Trap Door Theatre, Chicago, IL
November 11, 2012
Directed by Kate Hendrickson
Surprised by hope:
a reflection on SPARK from Chicago
by Emilio Williams
Trap Door Theatre is, by all accounts, a miraculous place. To get there you must first find, and then cross, a non descriptive, narrow gangway. When you open the door, and then a second door within the back of the restaurant to access the actual venue, you first feel like you have entered a speakeasy from the Al Capone era. And in a way, the fare that is served in this 45-seat alternative venue is as dangerous to one's sense of complacency as a bottle of bootlegged moonshine smuggled from Kentucky is to the liver.
One minute inside, surrounded by all the historical production shots and posters designed by company member and avant-garde filmmaker Michal Janicki, you are already far from Chicago and Al Capone; you are closer to the subversive grandeur of a fringe venue in Berlin, Warsaw, or Barcelona.
(For more on Janicki check out Studiobema)
Trap Door Theatre is widely recognized as the place to go in Chicago for the best European avant-garde theater. The theatrics are always striking, and the acting, without exception is febrile and strong. And this may be the biggest mystery: How this troupe, with such a limited budget is able to put together productions that put to shame the best public theaters in Europe?
Last week, I had one more chance to open that dangerous Trap Door, and I joined some friends, in celebration of Veterans Day, for a dramatized reading of "Spark" by Caridad Svich. Trap Door Theatre produced some years ago, Svich's "12 Ophelias". The production was directed by Kate Hendrickson, and it has become one of those theater experiences that people still talk about, including a real size swimming pool where an all-female music band of ethereal Ophelias took turns drowning.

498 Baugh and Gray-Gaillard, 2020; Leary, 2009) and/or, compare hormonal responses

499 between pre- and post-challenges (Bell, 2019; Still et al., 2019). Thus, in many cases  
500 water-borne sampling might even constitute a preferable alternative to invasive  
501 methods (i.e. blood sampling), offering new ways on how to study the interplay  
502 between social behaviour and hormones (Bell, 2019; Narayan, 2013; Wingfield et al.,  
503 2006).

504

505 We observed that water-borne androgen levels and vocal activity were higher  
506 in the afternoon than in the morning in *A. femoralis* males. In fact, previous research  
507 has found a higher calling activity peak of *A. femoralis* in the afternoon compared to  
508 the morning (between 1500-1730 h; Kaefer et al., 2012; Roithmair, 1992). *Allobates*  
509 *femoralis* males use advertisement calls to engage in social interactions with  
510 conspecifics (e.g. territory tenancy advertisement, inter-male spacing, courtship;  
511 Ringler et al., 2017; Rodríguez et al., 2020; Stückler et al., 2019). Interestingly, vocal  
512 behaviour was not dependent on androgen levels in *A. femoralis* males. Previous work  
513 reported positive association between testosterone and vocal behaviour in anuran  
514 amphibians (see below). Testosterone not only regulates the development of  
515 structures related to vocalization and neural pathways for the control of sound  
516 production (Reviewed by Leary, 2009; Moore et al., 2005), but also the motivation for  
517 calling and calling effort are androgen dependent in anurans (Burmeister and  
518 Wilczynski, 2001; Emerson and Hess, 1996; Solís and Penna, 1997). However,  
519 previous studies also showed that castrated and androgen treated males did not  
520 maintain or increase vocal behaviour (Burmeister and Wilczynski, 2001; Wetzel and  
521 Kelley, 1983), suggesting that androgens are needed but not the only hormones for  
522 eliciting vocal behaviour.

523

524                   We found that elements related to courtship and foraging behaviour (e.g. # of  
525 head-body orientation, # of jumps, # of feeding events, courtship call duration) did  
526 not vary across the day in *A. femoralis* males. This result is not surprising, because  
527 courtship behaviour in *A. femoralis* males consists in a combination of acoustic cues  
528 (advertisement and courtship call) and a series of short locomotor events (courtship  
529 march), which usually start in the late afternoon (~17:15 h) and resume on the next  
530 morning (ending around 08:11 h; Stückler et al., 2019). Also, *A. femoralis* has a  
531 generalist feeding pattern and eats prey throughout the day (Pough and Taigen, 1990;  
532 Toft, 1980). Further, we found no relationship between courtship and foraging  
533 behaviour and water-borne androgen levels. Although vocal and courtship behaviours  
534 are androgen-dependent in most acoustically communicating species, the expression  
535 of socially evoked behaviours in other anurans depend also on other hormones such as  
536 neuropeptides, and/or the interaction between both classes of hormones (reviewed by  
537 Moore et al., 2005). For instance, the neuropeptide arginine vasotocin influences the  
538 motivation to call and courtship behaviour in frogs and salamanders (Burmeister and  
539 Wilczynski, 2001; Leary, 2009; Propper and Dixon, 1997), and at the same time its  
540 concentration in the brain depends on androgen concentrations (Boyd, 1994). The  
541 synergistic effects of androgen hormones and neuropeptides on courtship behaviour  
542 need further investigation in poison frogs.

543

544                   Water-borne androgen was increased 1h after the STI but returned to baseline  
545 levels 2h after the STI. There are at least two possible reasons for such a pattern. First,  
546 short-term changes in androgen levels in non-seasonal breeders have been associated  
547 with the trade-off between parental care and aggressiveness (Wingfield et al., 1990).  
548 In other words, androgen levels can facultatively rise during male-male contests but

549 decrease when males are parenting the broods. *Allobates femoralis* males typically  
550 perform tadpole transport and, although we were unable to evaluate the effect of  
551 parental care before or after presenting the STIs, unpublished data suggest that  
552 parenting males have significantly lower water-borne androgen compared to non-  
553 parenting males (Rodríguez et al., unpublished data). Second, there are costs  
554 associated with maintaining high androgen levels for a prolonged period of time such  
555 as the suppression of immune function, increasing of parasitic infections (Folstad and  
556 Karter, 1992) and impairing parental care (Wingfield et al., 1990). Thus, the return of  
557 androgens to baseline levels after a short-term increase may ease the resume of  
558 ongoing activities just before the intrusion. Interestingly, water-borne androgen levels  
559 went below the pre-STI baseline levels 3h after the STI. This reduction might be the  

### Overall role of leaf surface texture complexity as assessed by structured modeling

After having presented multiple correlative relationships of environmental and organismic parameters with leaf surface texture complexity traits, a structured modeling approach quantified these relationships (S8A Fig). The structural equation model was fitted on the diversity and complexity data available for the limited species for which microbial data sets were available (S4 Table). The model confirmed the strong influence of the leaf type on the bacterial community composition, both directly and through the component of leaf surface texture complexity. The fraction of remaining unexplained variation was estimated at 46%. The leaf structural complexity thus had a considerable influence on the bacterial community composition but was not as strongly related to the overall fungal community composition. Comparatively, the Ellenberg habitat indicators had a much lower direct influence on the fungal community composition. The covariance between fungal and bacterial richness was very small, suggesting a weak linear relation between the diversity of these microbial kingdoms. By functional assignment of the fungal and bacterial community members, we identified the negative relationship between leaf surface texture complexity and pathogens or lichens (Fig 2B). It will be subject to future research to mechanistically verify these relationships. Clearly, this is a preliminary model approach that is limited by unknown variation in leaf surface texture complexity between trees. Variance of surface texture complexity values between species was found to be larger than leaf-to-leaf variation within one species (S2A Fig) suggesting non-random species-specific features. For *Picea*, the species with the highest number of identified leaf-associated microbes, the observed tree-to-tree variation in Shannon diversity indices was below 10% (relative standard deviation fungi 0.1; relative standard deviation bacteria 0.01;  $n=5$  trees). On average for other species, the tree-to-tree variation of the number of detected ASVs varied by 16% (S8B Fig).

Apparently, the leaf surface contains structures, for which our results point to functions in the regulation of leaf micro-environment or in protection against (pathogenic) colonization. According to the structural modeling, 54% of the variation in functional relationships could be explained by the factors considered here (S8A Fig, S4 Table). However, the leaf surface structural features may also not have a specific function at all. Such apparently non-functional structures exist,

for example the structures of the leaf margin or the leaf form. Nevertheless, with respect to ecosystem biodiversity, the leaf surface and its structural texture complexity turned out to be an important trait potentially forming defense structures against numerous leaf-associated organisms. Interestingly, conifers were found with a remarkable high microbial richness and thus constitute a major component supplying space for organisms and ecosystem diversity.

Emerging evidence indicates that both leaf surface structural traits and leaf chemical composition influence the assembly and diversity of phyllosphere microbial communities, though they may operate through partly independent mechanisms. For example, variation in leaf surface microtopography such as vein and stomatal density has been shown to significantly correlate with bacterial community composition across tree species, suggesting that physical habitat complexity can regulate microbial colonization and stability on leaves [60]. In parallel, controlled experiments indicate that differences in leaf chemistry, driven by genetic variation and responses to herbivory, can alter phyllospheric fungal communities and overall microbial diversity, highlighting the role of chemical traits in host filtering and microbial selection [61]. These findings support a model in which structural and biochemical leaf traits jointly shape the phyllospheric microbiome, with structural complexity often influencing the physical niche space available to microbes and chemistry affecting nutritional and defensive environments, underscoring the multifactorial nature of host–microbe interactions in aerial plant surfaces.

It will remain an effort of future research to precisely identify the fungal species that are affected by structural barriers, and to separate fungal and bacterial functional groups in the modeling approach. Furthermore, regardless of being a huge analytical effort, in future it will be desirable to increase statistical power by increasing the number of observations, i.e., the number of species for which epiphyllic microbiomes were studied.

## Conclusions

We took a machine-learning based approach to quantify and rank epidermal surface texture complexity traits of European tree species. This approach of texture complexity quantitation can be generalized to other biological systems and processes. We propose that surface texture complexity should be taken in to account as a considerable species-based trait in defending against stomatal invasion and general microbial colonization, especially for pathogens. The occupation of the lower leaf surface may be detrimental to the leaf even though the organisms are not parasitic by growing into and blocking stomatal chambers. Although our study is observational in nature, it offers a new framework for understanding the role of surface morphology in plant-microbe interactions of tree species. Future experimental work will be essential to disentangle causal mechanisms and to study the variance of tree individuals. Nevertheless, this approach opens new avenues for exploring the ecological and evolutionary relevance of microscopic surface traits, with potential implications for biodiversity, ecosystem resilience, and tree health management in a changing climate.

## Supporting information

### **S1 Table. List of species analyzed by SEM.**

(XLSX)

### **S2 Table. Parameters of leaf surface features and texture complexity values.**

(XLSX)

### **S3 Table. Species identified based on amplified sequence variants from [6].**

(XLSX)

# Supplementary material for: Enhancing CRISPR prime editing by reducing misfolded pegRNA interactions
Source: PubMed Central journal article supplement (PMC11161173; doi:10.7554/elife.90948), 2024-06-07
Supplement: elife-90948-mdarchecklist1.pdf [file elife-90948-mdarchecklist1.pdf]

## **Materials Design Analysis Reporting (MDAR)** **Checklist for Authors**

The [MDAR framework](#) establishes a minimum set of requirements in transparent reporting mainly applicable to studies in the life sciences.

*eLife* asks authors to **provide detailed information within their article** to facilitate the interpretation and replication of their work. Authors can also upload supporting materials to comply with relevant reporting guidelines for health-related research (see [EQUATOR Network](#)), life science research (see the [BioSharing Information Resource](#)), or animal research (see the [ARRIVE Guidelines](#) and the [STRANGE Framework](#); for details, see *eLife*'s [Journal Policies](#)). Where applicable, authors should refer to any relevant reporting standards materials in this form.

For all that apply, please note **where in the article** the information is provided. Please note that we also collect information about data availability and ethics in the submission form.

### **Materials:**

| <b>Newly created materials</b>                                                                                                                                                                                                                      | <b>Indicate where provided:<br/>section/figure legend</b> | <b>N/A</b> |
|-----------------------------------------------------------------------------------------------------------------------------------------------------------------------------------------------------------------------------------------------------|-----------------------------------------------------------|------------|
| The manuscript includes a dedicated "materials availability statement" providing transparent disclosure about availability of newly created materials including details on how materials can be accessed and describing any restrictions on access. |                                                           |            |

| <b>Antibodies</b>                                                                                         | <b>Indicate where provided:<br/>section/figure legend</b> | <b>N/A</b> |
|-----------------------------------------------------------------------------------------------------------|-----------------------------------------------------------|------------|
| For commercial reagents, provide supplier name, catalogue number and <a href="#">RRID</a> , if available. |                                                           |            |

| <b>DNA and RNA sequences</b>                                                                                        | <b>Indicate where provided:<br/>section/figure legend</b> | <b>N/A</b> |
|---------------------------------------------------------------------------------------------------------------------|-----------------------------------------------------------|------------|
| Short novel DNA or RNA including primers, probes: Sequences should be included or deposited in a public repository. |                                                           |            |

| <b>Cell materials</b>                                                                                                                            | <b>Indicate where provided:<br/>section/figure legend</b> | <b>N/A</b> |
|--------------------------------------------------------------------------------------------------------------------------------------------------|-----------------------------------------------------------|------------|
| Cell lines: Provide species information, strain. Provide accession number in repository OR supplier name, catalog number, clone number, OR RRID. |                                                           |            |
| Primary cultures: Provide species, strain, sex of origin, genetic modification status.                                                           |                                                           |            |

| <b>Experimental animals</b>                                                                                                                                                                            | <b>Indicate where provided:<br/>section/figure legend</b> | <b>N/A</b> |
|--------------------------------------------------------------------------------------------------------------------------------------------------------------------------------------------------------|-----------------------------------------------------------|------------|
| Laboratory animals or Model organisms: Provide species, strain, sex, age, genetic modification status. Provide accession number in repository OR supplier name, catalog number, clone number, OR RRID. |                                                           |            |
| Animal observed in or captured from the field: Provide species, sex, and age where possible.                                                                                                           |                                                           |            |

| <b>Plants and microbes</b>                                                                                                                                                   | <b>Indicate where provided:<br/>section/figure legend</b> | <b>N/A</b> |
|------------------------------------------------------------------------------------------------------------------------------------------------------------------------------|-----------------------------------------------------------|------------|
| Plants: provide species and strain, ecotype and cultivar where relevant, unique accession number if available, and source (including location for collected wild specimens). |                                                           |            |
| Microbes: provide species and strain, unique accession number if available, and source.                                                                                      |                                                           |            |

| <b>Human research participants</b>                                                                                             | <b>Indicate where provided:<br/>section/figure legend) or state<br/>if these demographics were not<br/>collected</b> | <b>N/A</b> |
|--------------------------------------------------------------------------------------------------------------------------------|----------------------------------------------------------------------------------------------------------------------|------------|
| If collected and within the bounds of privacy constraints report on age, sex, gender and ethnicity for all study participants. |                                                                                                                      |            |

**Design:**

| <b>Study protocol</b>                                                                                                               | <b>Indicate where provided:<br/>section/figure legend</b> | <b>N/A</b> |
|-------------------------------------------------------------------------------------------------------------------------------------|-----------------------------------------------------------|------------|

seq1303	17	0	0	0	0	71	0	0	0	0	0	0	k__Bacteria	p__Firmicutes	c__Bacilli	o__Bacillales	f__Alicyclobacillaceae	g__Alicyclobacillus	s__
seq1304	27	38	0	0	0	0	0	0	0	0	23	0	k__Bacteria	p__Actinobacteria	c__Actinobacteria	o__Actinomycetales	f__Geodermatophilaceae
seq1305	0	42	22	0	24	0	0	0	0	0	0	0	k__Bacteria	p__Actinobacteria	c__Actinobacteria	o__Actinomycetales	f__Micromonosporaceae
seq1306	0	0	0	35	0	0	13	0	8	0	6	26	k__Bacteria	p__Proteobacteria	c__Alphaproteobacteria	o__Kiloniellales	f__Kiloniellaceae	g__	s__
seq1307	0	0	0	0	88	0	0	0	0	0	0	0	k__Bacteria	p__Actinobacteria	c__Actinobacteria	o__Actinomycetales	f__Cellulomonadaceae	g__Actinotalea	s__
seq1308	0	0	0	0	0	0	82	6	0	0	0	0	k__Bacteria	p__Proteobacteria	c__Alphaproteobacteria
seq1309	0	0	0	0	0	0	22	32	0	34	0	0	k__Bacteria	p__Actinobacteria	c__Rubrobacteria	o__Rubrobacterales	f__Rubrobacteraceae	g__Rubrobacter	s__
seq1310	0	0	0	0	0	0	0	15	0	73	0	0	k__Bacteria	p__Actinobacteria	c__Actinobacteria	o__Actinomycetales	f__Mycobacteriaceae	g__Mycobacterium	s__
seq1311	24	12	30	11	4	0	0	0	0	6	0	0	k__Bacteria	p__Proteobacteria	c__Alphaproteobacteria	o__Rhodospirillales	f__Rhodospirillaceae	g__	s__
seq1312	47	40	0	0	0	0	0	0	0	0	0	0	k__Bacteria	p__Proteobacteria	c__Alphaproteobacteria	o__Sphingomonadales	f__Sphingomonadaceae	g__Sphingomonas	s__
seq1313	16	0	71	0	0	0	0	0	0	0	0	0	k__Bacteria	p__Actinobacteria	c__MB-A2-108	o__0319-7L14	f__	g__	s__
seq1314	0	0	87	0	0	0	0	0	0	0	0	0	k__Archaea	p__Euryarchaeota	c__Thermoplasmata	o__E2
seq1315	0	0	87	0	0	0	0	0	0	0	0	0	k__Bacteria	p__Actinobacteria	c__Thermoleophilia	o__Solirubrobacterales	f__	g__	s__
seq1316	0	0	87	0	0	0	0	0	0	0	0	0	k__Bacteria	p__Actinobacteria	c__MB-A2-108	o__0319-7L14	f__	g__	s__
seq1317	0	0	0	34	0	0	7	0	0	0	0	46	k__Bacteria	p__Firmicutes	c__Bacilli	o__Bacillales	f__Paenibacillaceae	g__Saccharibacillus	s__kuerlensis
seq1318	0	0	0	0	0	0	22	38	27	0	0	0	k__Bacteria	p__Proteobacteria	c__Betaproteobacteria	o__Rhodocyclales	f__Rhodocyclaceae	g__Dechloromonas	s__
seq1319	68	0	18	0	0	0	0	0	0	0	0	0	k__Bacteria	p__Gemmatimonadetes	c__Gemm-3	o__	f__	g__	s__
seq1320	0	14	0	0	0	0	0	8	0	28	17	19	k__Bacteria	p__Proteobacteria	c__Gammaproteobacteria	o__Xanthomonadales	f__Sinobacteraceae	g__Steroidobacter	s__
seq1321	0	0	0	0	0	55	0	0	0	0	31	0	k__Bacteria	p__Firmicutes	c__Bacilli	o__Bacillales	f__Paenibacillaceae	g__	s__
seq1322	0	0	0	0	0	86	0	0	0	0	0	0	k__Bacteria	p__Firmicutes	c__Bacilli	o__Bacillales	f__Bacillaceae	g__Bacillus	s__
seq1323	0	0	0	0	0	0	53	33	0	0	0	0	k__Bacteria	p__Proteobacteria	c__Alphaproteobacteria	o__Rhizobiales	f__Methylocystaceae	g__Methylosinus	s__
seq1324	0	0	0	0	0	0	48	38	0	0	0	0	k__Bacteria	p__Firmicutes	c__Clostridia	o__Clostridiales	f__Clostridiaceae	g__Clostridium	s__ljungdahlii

But "Spark" belongs to a realm far, far away from the poetic worlds that I've always associated with Caridad Svich's more well-known works, and her brilliant adaptations of Latin American novels with a taste for magic realism.
Interestingly enough, only last month I got to see, also in Chicago, a great production of "Fugitive Pieces" another dream-like, nightmare-like poetic piece by la Svich. That play was performed in a basement and brilliantly directed by Mike Rice for a new, and very fearless, troupe named "The Ex-Pats".
Maybe that is why, this being Trap Door Theater, and Caridad Svich, being the writer of "12 Ophelias" and "Fugitive Pieces," I was really surprised, at first, to find "Spark" to be a text that was stylistically so straight forward, and to the point.
"Spark" uses a familiar settingL three sisters in a house that is falling apart, to tell the drama of a country, our country, where people go to confusing far-flung wars, and may never come back, or most likely, come back but do so, fragmented inside and out. The play is also about those left behind, waiting, living with the guilt of missing the action or missing the beloved, those in charge of paying bills and fixing roofs and get life, well, get life going.
There could be a great danger in treating this plot with a naturalistic style. But Caridad Svich, thank God, is too good and clever to let this play turn into another one of those Lifetime-made for TV movies that infest the contemporary American stage like a bad case of bedbugs. (Will American theater ever, ever recover from the damage caused by the likes of Marsha Norman and Beth Henley, and the Pulitzer Prize committee, in the 1980's?)